Thursday, February 25, 2016

Gumbo Cook-Off Committee Braces for Saturday's Event

Gumbo Cook-Off Committee
Front (from left) Christine Barnhill, Jackie Beau, Janet Robertson and
Tracy Gallinghouse; Back (from left) Allen Little, Steve Cefalu and Don Redman

Organizers of the 7th Annual Northshore Gumbo Cook-Off keep their expectations simple: all they want is good weather, great crowds, awesome music, and of course, award-winning gumbo. And after a year of preparation for this one day, it appears that all their expectations will be met this Saturday when the event gets underway under crisp, clear skies on the grounds of the Slidell Little Theatre, featuring 20 cook-off teams, live music, sweet treats, beverages, face painting and more.

At first blush an incongruent partnership, the Northshore Gumbo Cook-Off is made possible because of the efforts of volunteers from Slidell Little Theatre and the National Association of Women in Construction (NAWIC), who share equally in the proceeds generated by the cook-off to be used for their youth programs. Additionally, both organizations direct some of the donations to Homeless Outreach for Youth in St. Tammany (HOYST), a very worthy program targeting the underreported displaced children in the parish.

The gumbo cook-off was the brainchild of the late Pat McCloud, who was desperate to find a funding mechanism for an expansion of the theatre that could be utilized to enhance and expand the theatre’s youth program. He found a kindred soul in Christine Barnhill-Tramel who straddled two worlds: theatre and construction. Christine had been very involved in SLT’s Young Actors Theatre of Slidell (YATS) program as well as with NAWIC’s various youth programs and soon a plan began to gel – a gumbo cook-off fundraiser benefitting the youth programs supported by SLT and NAWIC.

Meet the Team

The Gumbo Cook-Off committee is staffed by volunteers from both organizations, but most SLT volunteers will tell you that it is the NAWIC volunteers who do most of the heavy lifting. The committee is chaired by NAWIC’s Janet Robertson of Coast Concrete Services, Inc., whose leadership is rarely trumpeted, but extremely vital to the operations of the event. Other NAWIC committee members are Christine Barnhill, president of BillBar Construction, and Jackie Beau, co-owner of Beau's Air Conditioning and Heating. SLT committee members are Allen Little, Babette Griffin, Steve Cefalu, Tracy Gallinghouse and Don Redman.

Allen Little was on the original committee that organized SLT’s first youth program back in the 1970s. Presently serving as SLT’s vice president of Productions, Allen became involved in the community theatre when he moved to Slidell in 1970 and has been an integral part of the organization ever since. He has received numerous awards over the years, including being named St. Tammany Parish’s Performing Artist of the Year for 2010.

Allen Little and cast of 1982's On Golden Pond
It was only a few years after Allen became involved in SLT that Steve Cefalu appeared onstage in 1974. A multiple-award winning actor, Steve is a teacher of Talented Theatre in St. Tammany Parish. He credits the YATS program for having given his son Stephen Cefalu, Jr., the acting bug. Today, Stephen is an actor in Chicago and is in rehearsal a show making its world premiere next month.

The Country Girl - 1990
Christine Barnhill and Steve Cefalu
Babette Griffin has been involved the cook-off since the second event and has been deeply involved with the YATS program for years in various roles on the committee including treasure and co-director, and even directed a couple of YATS shows. She currently serves as Treasure on the SLT board of directors.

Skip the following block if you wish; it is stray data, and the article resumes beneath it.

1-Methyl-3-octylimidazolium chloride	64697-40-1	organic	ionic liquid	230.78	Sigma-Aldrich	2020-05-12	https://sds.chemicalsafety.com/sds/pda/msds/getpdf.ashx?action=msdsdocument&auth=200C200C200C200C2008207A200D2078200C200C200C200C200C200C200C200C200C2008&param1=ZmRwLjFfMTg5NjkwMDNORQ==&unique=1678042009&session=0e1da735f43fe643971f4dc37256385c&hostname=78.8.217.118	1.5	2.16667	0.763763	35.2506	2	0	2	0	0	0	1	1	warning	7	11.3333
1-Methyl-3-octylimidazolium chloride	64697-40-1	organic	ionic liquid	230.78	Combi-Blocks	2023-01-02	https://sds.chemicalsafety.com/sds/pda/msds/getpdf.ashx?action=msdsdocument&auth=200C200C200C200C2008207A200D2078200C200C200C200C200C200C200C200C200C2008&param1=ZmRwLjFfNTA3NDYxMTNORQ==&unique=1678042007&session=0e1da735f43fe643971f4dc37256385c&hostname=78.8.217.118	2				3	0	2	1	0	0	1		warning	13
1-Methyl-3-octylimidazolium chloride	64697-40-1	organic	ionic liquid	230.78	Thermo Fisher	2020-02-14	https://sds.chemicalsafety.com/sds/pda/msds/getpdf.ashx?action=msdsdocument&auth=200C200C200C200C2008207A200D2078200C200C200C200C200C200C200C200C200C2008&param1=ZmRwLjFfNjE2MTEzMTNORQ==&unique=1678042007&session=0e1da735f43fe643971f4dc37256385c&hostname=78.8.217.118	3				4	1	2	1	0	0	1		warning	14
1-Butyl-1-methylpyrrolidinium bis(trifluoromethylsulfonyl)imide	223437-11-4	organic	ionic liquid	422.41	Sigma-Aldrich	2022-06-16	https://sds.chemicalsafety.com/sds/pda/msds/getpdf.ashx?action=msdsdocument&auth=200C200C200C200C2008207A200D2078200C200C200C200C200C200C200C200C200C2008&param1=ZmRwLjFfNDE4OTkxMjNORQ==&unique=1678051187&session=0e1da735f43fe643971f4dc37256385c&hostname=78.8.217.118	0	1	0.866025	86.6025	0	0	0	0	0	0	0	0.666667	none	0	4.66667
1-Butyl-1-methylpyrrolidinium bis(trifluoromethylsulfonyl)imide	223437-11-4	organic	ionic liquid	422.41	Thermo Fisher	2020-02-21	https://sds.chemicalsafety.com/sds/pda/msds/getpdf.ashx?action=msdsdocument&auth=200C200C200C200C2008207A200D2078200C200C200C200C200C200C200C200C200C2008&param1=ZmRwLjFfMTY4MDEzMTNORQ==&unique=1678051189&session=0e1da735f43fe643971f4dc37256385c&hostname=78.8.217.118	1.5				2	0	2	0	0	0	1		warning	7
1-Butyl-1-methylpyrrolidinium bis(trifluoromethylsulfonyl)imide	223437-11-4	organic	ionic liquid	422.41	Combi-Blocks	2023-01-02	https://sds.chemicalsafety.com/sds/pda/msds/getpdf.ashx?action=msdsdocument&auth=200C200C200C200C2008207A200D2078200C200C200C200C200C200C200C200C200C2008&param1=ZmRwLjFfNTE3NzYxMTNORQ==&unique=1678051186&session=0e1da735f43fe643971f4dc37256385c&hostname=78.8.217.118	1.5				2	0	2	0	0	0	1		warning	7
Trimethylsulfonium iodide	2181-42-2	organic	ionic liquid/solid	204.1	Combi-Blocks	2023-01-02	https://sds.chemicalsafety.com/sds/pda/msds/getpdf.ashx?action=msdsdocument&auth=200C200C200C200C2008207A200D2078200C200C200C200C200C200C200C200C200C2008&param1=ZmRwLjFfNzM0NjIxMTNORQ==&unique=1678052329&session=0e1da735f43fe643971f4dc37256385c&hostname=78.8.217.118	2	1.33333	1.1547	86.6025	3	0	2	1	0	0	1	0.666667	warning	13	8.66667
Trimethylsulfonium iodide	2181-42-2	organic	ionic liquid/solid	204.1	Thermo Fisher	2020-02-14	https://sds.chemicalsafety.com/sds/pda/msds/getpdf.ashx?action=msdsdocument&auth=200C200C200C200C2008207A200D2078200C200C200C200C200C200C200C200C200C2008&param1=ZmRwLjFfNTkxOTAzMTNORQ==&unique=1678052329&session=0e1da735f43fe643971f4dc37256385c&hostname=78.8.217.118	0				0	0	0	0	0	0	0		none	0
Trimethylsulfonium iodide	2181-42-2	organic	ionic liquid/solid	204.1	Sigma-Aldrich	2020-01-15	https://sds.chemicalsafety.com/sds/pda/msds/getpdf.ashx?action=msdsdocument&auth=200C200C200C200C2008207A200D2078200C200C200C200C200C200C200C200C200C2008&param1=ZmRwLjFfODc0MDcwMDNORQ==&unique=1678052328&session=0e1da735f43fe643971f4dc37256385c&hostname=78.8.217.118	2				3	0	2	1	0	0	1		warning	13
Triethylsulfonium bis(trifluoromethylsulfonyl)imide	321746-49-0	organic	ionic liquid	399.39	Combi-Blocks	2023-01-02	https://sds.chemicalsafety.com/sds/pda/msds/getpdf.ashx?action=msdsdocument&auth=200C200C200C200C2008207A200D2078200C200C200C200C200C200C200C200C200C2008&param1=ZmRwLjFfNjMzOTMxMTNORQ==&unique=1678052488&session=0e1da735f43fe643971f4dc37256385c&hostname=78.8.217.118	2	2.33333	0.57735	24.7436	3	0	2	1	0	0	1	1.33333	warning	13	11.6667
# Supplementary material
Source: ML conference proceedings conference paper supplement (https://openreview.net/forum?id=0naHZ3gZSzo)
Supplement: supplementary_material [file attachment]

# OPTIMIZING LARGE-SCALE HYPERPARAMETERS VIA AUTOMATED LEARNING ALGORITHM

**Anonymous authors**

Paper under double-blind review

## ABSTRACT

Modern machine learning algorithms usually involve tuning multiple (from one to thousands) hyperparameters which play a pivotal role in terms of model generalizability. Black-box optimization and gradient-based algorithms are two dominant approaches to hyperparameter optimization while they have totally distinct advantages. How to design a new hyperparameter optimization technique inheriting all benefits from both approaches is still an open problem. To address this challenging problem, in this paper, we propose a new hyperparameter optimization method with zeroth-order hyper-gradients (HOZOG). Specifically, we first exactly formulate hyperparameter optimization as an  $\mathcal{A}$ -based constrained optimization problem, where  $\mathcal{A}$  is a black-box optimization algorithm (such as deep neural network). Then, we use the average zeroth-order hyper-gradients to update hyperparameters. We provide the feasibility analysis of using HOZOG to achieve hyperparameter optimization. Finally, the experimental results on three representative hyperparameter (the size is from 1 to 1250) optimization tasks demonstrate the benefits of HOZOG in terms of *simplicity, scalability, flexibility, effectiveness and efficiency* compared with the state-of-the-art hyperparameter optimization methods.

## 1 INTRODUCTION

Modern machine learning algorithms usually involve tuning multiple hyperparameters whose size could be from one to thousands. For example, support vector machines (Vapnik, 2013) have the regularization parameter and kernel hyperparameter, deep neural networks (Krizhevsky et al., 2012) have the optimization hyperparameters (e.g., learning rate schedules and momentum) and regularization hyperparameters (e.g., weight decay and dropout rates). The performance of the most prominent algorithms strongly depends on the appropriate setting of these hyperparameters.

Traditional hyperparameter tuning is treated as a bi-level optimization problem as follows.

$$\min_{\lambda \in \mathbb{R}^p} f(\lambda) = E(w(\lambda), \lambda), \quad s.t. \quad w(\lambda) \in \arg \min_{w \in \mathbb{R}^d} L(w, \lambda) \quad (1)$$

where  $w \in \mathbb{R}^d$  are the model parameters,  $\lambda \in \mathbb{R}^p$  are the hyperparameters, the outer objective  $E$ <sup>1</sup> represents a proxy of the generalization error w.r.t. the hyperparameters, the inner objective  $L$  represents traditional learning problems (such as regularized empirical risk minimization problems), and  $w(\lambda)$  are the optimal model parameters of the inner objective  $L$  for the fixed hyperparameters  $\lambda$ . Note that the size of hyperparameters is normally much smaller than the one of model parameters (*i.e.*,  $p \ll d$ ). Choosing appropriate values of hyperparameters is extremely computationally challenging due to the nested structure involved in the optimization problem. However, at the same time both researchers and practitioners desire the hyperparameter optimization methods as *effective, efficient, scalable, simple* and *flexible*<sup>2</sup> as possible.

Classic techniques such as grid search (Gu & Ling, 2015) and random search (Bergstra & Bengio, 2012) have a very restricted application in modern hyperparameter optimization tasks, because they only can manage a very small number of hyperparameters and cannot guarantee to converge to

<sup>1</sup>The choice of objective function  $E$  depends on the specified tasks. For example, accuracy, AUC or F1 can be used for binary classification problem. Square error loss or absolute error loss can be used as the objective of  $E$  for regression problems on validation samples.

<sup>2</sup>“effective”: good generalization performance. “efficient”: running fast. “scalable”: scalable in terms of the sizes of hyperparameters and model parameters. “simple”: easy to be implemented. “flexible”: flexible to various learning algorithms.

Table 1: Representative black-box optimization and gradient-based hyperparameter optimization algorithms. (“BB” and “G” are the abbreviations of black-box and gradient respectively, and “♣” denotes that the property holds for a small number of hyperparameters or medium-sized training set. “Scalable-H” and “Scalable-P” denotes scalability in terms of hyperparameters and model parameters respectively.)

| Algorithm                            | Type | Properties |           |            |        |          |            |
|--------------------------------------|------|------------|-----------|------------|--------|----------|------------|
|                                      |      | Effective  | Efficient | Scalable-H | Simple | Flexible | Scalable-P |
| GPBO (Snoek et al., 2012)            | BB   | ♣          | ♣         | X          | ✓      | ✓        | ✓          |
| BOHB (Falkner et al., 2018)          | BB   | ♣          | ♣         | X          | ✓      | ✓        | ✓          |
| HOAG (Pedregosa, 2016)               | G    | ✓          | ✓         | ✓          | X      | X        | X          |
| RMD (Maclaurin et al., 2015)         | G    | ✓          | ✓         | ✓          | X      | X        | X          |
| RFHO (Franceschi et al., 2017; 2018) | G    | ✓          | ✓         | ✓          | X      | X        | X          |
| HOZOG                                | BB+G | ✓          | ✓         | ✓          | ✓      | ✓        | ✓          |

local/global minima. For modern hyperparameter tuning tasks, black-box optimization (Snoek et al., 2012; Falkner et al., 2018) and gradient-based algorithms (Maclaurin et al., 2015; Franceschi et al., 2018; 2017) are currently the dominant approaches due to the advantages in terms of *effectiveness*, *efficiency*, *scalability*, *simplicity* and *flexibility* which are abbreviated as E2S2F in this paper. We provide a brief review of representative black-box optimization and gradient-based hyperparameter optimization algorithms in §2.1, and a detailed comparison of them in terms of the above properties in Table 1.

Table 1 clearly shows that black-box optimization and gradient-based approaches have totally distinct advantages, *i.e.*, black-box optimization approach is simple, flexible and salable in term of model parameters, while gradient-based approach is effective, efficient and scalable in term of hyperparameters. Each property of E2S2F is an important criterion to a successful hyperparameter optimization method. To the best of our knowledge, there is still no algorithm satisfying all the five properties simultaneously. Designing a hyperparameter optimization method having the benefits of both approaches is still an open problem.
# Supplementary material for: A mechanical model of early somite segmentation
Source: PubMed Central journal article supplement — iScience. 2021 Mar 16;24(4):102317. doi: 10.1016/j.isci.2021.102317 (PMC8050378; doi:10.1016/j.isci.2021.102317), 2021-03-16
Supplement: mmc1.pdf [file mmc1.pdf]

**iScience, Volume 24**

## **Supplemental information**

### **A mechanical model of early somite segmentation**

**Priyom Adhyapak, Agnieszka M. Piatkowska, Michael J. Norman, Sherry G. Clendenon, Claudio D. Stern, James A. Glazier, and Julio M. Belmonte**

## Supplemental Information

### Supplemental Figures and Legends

Rumors - 2009
Don Redman
Don Redman volunteers at the theatre in various capacities, most recently as chairman of the Grants Committee and editor of SLT’s audience guide, "Prologue." He was the 2006 recipient of the St. Tammany Parish Literary Artist of the Year Award and marked his official debut as a playwright with the critically-acclaimed adult comedy, “Who’s Afraid of Virginia’s Wolf Note?” 

Redman recalls his first experience with YATS in the early 1990s in the old playhouse, now just a slab in the parking lot. “Grace Marshall recruited me to lead the children in a session about voice projection  -- a not-to-subtle hint that she thought I was loud.

“It gives me immense pleasure to see that the youth program continues to thrive decades later and I hope every dollar we raise through the cook-off will not only enhance the experience of YATS participants, but will grow the program even further.”

During the hours of 8:30 a.m. to 5 p.m., Tracy Gallinghouse works as a paralegal in a New Orleans law firm. During her spare hours, she devotes her time and energy to Slidell Little Theatre, in the most recent capacity, as vice president of Marketing. 

“I thoroughly enjoy the people on the Gumbo Cook-Off committee and their passion for making gumbo and creating experiences for St. Tammany’s youth,” she says. “SLT’s YATS program allows us to reach out to youngsters, starting as early as age 4, and give them that feeling that is like no other – for that moment, you and the audience are one.”

Child’s Play

NAWIC supports youth through a variety of programs, including Block-Kids, Building Design program, and the Computer-aided Design (CAD) Scholarship Awards competitions. The CAD/Design/Drafting Competition is a contest designed for Senior High School students. The contest provides recognition to students for creative design, successful problem solving and craftsmanship in preparing architectural drawings. Since its founding, the NAWIC Founders’ Scholarship Foundation and NAWIC chapters nationwide have awarded more than $4 million in scholarships to students pursuing construction-related studies.

“One of the program's we have for kids K- 6 is our Block-Kids competition,” explains Jackie Beau. “The award-winning program introduces children to the construction industry in an effort to create an awareness of and to promote an interest in future careers in one of the many facets of the industry.”

 The competition involves the construction of various structures with interlocking blocks and three of the following additional items: A small rock, string, aluminum foil, and poster board.  “They build everything from recycling plants to communities,” says Beau.  “I really enjoy hearing the stories they tell about their projects.”